City leaders in Sherwood had dreamed of a center for the arts and community events for 15 years before we helped make it a reality. Finally, with the perfect city collection of leaders, full support from the mayor, a passionate steering committee, and multiple bond funds to realize the project, our team led an approach that would fit their budget and designed a space to meet the collective needs of the community for generations to come.
To create a collective reflection of Sherwood’s personality and community needs, we facilitated an inclusive design process that considered the full range of project stakeholders. The local school, for one, needed a space for their blossoming theatre community to develop and showcase professional quality productions. Placing it in Old Town reinforced Sherwood’s identity as an urban center and viable destination for local businesses.
Our design provides plenty of space for performances and events to bring the community together. The center seats 392 for performances with 75% telescopic seating, and up to 248 for banquets. Two classrooms provide space for classes, training, and meetings, and a small kitchen serves concessions for catered events. Live-edge wood benches and wood trim throughout warm the spaces and give a nod to Sherwood’s industrial foundations in logging. Exposed steel and masonry echo the site’s history as processing plant for shipping fruit on the Portland rail line.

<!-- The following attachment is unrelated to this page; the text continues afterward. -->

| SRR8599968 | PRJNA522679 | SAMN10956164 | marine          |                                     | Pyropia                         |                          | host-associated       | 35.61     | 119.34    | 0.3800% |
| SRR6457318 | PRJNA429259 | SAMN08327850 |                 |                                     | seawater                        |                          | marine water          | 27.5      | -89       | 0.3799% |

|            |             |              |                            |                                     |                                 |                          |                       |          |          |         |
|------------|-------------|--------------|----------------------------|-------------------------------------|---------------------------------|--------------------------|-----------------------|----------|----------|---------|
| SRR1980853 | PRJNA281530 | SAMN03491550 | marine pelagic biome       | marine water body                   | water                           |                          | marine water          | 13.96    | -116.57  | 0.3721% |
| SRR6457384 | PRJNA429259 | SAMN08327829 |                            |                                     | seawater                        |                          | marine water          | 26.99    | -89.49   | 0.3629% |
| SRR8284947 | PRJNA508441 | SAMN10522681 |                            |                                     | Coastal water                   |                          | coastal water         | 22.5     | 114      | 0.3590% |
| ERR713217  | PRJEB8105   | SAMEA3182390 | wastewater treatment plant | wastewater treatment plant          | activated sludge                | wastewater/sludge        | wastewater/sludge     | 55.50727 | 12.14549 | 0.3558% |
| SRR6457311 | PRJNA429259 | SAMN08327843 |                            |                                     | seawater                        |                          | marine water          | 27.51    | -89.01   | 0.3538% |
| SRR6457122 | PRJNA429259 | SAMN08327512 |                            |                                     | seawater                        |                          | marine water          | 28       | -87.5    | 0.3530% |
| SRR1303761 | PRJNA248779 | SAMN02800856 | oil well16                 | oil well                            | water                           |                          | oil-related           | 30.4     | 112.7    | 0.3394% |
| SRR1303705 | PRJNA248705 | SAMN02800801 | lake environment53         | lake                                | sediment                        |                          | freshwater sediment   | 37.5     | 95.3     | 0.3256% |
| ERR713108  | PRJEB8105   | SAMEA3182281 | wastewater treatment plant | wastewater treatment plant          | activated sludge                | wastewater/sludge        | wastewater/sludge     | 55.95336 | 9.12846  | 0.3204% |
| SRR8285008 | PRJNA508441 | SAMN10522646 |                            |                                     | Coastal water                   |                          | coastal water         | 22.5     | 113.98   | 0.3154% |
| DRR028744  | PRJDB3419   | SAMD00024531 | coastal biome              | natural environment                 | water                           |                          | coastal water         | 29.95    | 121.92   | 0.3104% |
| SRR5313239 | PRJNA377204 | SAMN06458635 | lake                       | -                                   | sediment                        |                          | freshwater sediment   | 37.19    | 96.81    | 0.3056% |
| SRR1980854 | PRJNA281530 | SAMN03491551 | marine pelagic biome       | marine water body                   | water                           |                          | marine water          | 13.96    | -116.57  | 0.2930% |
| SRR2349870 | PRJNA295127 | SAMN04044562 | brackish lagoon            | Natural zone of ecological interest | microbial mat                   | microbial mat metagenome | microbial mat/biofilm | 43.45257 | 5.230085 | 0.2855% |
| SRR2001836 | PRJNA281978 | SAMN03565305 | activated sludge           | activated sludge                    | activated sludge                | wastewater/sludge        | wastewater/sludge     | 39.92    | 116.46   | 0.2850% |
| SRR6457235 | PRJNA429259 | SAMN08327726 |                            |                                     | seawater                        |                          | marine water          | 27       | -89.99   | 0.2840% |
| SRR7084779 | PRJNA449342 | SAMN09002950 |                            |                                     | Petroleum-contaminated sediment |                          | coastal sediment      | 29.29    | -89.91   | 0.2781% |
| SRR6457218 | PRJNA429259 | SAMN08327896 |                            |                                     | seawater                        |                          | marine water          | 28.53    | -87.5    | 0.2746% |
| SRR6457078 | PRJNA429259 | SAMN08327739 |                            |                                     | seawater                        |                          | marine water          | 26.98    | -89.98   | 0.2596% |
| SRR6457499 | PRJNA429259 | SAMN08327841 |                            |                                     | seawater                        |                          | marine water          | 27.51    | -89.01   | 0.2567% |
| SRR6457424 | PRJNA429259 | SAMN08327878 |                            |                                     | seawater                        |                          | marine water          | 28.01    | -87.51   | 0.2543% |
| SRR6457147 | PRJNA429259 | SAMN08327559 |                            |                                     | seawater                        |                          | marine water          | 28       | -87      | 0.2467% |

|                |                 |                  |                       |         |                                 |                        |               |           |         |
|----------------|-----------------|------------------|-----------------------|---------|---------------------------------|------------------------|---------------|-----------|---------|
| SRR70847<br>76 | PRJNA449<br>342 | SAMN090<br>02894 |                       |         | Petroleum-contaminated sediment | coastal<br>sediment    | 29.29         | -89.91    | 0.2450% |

The mixed-use and multi-function nature of the Sherwood Center for the Arts ensures that both current and future generations have space to gather and celebrate the arts and life’s milestone moments. It integrates itself into the Old Town context, but also presents a fresh, modern take on a masonry civic structure. The building is a series of carefully crafted boxes that nestle around the main hall to manage the scale. The statement color palette of orange-red-tan-brown is both inviting and striking—a prelude to the art inside.
Ground-level retail provides a place for people to shop in the historic downtown. A small plaza creates an open, inviting place for people to enter the main building. People walk under a wide canopy outside into a light-filled lobby and gallery space. High north-facing windows honor historic Old Town structures and fill the Lobby/Gallery with natural light for art exhibits and events.
The first major production held by the local school in the new center was a production of Mary Poppins. The thrill of the new, professional-quality space brought over 80 people (an enormous amount, at the time) to participate in the first opening night. They took advantage of every inch of the center, a trend that continues to this day.